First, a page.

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Best Delay Pedal 2024: 10+ With Acres Of Delicious Tone!!

What is the best delay pedal of all time? What delay does Gilmour use? We investigate...

Choosing a delay pedal is easy, but choosing the best delay pedal – that’s something else altogether.

See, shop around for the right delay & you’ll soon realise that finding it, is a lot trickier than you might think. It certainly comes with its hurdles! Because aside from the fact that every pedal manufacturer under the sun is now making their version of the ‘best’ delay pedal, there’s also the rather confusing thought that delay isn’t just a standalone effect. It comes in various types, tones & forms.

All things you’d be wise to be aware of before investing your £$€. Let’s just say that not all types of delay suit every guitar or playing style. Neither will every pedal give you the freedom you need to achieve your desired sound. So really, by not doing your research you’re shooting yourself in the foot – leaving it to a lucky dip.

Question is then, what is the best delay pedal for your style of play? And is delay actually that important?? Read on & we’ll reveal all…

After something specific about choosing a delay pedal? Or just curious what we consider to be the best delay pedal? Use the menu below to get all the answers you need in 1 click…

NOTE: Curious about more than just delay pedals? Be sure to check out our Review Of The Best Distortion Pedal + our rundown of the Best Guitar Pedals.

Choosing the best delay pedal – it wasn’t all that easy… until now.

See, we’ve actually done 99% of the legwork for you. Aside from narrowing down hundreds of pedals, we’ve also assessed which pedals best fit what scenario & given you a taste of how we’d use them if it was us behind the guitar.

So sit back, relax & grab yourself a cuppa – because here’s our rundown of the best delay pedals for sale today…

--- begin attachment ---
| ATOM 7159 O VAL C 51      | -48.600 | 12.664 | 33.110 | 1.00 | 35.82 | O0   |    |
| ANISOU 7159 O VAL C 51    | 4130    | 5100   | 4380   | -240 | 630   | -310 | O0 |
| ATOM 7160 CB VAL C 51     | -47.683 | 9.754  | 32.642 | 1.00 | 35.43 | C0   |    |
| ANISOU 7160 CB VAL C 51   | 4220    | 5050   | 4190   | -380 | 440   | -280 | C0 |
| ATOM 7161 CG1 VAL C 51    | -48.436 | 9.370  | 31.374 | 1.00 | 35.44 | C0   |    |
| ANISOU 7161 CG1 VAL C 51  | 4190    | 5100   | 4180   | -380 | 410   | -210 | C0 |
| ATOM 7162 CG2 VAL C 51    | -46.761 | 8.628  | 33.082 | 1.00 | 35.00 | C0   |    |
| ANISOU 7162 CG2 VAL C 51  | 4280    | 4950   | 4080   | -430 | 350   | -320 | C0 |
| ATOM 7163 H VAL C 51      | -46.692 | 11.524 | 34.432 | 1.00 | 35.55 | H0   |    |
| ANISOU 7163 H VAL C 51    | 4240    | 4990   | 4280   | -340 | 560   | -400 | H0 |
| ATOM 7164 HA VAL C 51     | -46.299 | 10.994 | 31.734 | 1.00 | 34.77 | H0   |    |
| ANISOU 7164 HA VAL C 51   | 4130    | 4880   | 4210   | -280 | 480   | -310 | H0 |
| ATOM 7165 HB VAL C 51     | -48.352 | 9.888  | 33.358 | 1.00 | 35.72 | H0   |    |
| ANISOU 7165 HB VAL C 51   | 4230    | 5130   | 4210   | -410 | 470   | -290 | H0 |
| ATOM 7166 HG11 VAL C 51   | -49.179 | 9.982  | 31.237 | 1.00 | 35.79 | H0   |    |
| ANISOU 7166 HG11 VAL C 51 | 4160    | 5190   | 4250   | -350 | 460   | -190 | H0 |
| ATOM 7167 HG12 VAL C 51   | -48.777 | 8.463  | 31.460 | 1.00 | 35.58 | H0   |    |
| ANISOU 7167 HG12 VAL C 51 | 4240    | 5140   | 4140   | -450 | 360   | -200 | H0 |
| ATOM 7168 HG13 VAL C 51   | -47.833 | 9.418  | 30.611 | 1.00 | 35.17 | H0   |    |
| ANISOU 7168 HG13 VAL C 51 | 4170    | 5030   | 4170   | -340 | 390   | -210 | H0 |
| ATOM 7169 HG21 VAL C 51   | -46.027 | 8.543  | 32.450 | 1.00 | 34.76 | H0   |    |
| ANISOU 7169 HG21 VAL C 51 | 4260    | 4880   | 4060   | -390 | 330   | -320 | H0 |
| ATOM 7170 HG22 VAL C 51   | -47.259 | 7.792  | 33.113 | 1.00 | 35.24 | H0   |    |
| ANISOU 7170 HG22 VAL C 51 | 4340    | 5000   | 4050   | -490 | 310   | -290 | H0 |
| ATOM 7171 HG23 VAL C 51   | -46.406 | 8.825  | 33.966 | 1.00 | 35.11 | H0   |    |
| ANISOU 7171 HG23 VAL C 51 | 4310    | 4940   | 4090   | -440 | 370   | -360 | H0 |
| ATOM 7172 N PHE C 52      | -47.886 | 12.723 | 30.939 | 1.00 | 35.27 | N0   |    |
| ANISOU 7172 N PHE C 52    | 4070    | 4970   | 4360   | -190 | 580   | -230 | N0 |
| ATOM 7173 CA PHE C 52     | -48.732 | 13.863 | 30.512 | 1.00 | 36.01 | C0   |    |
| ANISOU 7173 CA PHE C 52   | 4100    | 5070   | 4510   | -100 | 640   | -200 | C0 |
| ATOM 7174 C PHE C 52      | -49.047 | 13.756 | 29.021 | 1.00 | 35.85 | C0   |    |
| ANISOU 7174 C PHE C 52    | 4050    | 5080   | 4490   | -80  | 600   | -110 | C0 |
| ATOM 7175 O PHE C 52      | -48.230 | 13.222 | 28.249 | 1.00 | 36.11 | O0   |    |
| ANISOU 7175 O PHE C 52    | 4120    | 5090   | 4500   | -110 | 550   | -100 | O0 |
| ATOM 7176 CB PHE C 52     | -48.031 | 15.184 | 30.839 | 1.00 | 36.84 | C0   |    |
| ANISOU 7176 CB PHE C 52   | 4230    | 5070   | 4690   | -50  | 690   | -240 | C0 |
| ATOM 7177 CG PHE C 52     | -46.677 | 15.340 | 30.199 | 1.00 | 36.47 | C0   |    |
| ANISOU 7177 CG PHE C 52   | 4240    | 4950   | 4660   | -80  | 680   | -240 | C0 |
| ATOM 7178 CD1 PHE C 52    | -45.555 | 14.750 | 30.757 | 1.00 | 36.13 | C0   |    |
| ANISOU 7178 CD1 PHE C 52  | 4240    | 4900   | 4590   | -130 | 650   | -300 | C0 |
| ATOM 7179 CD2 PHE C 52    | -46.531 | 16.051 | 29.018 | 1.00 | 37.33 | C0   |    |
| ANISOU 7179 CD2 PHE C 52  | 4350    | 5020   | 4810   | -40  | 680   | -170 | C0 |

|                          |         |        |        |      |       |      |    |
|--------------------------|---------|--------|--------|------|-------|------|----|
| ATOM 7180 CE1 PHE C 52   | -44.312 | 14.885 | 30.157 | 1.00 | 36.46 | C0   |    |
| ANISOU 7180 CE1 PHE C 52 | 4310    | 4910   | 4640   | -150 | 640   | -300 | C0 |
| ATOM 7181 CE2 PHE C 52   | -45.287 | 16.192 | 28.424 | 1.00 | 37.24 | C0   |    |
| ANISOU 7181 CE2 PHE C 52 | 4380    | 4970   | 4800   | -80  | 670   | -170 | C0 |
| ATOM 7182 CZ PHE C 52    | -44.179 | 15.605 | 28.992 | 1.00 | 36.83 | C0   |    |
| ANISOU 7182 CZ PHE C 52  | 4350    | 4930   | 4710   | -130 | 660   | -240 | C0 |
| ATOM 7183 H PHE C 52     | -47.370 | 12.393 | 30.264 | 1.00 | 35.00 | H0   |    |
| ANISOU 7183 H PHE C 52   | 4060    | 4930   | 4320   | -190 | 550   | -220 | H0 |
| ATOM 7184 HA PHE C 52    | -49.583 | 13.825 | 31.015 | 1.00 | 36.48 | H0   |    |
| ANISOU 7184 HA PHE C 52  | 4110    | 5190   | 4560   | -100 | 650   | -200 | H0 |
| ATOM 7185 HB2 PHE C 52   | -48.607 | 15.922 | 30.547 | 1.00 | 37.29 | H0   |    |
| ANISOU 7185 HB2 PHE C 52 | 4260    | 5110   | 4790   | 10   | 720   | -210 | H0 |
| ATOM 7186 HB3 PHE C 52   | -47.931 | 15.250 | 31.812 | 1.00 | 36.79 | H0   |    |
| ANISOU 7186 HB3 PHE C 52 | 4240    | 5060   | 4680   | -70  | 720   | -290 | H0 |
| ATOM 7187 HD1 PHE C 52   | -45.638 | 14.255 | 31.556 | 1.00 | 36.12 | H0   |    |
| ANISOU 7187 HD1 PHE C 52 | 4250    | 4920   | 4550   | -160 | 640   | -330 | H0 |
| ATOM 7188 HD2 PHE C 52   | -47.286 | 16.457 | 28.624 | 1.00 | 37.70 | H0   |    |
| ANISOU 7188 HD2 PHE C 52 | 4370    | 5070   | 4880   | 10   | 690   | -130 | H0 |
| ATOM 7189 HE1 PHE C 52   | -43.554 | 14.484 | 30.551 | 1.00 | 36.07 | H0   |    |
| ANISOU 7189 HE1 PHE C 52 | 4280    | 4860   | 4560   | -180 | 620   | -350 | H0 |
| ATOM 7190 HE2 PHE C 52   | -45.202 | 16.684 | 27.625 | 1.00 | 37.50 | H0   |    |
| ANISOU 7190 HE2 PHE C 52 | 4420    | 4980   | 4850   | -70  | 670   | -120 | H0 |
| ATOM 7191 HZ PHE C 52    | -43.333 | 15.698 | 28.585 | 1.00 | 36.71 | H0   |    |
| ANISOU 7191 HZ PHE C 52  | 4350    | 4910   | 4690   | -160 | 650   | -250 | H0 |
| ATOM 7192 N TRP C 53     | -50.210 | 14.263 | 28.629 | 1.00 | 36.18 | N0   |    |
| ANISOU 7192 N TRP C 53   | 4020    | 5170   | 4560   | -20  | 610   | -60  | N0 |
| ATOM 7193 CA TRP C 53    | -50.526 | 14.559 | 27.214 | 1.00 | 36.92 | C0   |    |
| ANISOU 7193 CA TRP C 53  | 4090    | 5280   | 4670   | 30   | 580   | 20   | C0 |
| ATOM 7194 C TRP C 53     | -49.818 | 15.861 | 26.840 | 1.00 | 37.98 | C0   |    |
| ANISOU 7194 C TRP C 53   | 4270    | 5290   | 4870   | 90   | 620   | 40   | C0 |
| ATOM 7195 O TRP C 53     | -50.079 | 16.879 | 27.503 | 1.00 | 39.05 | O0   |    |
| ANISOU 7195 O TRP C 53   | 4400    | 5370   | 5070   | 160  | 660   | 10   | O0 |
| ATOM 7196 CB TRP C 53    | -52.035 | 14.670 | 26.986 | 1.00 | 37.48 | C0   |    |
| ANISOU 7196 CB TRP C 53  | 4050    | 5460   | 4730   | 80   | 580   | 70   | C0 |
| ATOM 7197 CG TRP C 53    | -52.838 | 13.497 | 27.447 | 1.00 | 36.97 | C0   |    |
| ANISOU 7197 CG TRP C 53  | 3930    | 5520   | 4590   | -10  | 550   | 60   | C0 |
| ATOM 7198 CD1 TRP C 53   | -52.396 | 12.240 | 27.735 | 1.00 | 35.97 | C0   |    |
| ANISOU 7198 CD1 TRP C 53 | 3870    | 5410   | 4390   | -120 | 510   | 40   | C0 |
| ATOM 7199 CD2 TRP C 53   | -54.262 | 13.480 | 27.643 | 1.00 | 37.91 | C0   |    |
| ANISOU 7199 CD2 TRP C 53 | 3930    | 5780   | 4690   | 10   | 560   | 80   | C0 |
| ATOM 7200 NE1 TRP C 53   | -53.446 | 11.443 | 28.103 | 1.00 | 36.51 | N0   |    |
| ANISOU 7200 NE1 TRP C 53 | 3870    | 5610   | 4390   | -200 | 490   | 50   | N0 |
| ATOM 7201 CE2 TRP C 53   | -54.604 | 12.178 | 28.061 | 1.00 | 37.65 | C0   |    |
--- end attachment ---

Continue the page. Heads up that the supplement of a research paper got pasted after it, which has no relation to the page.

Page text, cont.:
1: TC Electronic Flashback 2

2: Walrus Audio Mako Series D1

3: Behringer VD400 vintage delay

4: Walrus Audio ARP 87

5: NUX Duotime deluxe

6: Jim Dunlop MXR Carbon Copy (analog delay)

7: Fender Mirror Image

8: Way Huge Supa-Puss (analog delay)

9: JHS Pedals 3 Series

10: Mad Professor effects pedal

11: Universal Audio UAFX Starlight

In the case you’re also hunting for reverb, then it may make sense to combine the two.

Not only is a ‘2-in-1’ type pedal a great way to preserve space on your pedalboard, but because reverb & delay are pretty similar types of effects, it also makes a good deal of sense. Team that with the potential saving you can achieve, & these sorts of pedals (especially for a beginner) make so much sense.

In which case, here’s what we deem to be the best delay/ reverb combo pedal you can buy as of now…

12: Fender Reflecting Pool (delay & reverb)

We get it – while boutique pedals are great & arguably the ‘best-of-the-best’, not every guitarist has the budget to invest in pedals made by the likes of Walrus Audio or Jim Dunlop. In fact, to do so when starting out would be a bit foolish.

See, as a beginner, you don’t really know 100% what type of effects suit you, nor your playing style. So spending £100+ on a boutique pedal straight off the bat, would be a bit ‘hopeful’. By that we mean, budget pedals are a great (& sensible) way to get a feel for your sound as a beginner.

Out of all pedals we tested, here’s what we deem to be the best budget delay pedal…

13: Fender Hammertone

Ah, you see – this is tricky.